Open market works on beef

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Open market works on beef

Resumption of U.S. beef imports after a three-year ban because of a mad cow outbreak in the United States has contributed positively to lowering and stabilizing consumer prices for stock farm products.
The Producer Price Index in July has gone up 0.2 percent compared to the previous month, according to data from the Bank of Korea, whereas stock farm product prices fell 3.1 percent over the same period.
Beef prices shed 3.1 percent while pork, a substitute for beef, lost 10.1 percent of its price.
With U.S. beef available to public consumers, prices of Australian beef also went down, not to mention Korean beef.
Pork consumers switched to beef, lowering the price and eventually pulling down the average.
This is the impact of an open market.
The drop in pork prices caused by the cheaper beef products is expected to provide major support to low-income households.
Beef prices are indeed lower than before, but it is still quite expensive to purchase for daily meals.
On the other hand, pork prices have fallen to a level where it became affordable, relatively, for most Korean households.
Demand for pork will continue to grow with lower prices that should stabilize.
The change in prices and demand after U.S. beef imported to the domestic market proves that the Korean economy is indeed a market-based system, and opening the market is leading to a more beneficial economic environment for consumers.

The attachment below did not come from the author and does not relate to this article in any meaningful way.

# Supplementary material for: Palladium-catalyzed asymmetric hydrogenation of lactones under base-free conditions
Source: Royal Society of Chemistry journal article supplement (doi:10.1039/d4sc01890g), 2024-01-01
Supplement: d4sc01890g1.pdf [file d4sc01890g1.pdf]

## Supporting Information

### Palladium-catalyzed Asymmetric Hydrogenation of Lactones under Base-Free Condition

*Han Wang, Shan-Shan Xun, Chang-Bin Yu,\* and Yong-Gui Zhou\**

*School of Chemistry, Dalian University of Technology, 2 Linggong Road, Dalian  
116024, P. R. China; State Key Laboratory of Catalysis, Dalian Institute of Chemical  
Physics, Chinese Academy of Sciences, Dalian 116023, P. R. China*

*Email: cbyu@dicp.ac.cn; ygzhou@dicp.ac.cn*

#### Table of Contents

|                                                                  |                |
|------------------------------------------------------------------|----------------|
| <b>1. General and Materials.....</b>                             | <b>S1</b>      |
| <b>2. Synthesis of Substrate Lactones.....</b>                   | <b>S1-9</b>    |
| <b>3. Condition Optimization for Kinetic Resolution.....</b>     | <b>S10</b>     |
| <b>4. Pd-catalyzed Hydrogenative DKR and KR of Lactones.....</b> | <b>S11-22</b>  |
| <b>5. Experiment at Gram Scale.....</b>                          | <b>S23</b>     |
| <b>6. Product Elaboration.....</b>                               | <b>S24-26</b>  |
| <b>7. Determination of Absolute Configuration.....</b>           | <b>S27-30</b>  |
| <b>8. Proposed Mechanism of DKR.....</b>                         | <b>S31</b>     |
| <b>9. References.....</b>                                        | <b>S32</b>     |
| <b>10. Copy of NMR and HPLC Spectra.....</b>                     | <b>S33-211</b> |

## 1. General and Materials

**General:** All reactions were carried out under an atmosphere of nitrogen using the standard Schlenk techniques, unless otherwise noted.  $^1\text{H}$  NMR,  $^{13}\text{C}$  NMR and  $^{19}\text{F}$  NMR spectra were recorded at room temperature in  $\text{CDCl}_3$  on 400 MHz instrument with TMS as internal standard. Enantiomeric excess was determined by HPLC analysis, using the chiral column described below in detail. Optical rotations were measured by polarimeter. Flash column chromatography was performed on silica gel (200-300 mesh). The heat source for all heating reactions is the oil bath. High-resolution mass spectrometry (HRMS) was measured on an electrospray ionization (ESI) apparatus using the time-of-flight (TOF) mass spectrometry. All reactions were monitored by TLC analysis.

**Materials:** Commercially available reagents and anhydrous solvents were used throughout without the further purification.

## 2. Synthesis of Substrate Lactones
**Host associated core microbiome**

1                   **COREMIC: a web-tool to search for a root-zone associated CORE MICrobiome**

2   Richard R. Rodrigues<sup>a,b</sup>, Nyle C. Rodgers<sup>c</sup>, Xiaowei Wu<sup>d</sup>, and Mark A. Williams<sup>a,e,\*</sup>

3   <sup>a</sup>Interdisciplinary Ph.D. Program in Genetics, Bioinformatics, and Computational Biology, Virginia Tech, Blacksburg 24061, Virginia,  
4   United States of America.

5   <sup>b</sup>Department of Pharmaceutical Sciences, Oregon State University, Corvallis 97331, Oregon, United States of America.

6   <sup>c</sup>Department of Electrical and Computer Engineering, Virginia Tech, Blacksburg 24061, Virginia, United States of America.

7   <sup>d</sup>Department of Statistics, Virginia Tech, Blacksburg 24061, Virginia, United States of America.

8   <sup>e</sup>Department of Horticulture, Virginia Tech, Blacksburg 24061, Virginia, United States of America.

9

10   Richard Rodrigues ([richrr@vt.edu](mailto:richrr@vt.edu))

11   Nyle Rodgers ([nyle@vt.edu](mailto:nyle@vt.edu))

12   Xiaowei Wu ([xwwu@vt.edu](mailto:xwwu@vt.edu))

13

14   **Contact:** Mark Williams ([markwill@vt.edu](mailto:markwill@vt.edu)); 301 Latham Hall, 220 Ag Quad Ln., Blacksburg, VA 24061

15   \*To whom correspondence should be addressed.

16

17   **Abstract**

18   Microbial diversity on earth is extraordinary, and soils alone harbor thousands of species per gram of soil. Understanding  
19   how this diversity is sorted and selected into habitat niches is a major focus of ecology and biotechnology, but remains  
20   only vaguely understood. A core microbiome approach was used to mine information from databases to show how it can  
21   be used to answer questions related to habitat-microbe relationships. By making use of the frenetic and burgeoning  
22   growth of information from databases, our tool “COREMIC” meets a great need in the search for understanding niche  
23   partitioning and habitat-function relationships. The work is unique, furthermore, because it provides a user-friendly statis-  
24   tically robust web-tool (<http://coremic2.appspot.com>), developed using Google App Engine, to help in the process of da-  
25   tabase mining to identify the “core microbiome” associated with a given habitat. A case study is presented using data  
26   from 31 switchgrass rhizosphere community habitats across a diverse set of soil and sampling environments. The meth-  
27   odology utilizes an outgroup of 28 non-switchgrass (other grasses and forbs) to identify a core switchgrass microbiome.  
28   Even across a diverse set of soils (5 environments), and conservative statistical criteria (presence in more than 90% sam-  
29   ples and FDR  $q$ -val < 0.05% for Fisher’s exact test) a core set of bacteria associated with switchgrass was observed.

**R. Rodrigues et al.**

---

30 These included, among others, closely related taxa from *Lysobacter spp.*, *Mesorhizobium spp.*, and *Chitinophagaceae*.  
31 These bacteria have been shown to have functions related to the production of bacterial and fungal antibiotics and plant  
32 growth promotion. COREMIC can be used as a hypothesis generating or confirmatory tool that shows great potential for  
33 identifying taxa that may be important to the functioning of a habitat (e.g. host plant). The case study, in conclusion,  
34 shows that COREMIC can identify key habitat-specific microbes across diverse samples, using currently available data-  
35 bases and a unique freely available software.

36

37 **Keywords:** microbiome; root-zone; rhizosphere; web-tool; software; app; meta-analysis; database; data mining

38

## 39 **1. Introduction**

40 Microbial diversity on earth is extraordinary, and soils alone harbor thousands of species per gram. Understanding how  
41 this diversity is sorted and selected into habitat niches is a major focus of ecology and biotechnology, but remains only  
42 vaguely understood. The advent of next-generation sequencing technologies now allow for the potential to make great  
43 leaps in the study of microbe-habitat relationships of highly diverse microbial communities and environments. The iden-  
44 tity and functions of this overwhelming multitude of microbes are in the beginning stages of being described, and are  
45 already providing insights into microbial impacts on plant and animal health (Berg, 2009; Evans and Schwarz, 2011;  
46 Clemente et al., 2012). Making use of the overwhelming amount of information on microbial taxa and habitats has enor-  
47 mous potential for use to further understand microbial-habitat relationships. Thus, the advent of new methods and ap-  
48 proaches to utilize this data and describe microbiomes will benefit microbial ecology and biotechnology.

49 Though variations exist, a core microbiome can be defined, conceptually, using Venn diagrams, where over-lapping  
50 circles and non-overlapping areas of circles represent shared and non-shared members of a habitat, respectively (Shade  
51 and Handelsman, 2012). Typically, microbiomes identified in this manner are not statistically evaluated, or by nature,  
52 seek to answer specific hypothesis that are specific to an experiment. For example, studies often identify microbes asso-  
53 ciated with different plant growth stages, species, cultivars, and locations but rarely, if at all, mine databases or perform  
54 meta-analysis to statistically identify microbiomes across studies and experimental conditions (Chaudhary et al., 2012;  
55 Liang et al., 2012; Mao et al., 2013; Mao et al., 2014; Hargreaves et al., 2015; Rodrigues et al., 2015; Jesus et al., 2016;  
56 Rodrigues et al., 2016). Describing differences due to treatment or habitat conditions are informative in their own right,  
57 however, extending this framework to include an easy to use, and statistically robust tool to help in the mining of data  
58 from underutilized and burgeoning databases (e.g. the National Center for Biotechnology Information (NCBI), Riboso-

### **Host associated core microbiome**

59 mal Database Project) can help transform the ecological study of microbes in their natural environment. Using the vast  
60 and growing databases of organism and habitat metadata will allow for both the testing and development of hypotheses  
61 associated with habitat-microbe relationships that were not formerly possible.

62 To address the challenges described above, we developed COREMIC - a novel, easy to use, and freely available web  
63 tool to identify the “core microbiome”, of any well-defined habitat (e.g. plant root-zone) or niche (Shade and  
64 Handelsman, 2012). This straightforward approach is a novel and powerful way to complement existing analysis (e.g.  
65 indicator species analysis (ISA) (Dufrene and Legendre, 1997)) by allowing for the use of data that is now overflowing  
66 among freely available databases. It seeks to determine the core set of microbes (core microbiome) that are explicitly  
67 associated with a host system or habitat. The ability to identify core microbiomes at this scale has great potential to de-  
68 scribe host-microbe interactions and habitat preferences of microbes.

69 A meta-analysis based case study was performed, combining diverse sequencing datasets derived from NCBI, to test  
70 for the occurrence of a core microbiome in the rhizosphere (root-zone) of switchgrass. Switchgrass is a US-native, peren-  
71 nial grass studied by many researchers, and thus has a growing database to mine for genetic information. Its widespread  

Allowing the open market to function freely has proven to be a benefit not only to the lower-income residents of the nation, but to all people at all income levels.
Expanding beef imports may have a negative impact on livestock farmers, and some of them may lose profits or even go out of business.
But the open market economy must be allowed to run its course.
This can also be an opportunity for the industry to gain more competitive power.
The Korean cattle industry has already held events with beef from Korean cattle at prices 20 percent lower than before joining the competition.
After the imports of U.S. beef were resumed, sales of Korean beef have increased.
Korean beef is not inferior to U.S. beef.
If better distribution channels are developed, and specialized products are developed, Korean beef has no reason to fear the challenge and the competition.
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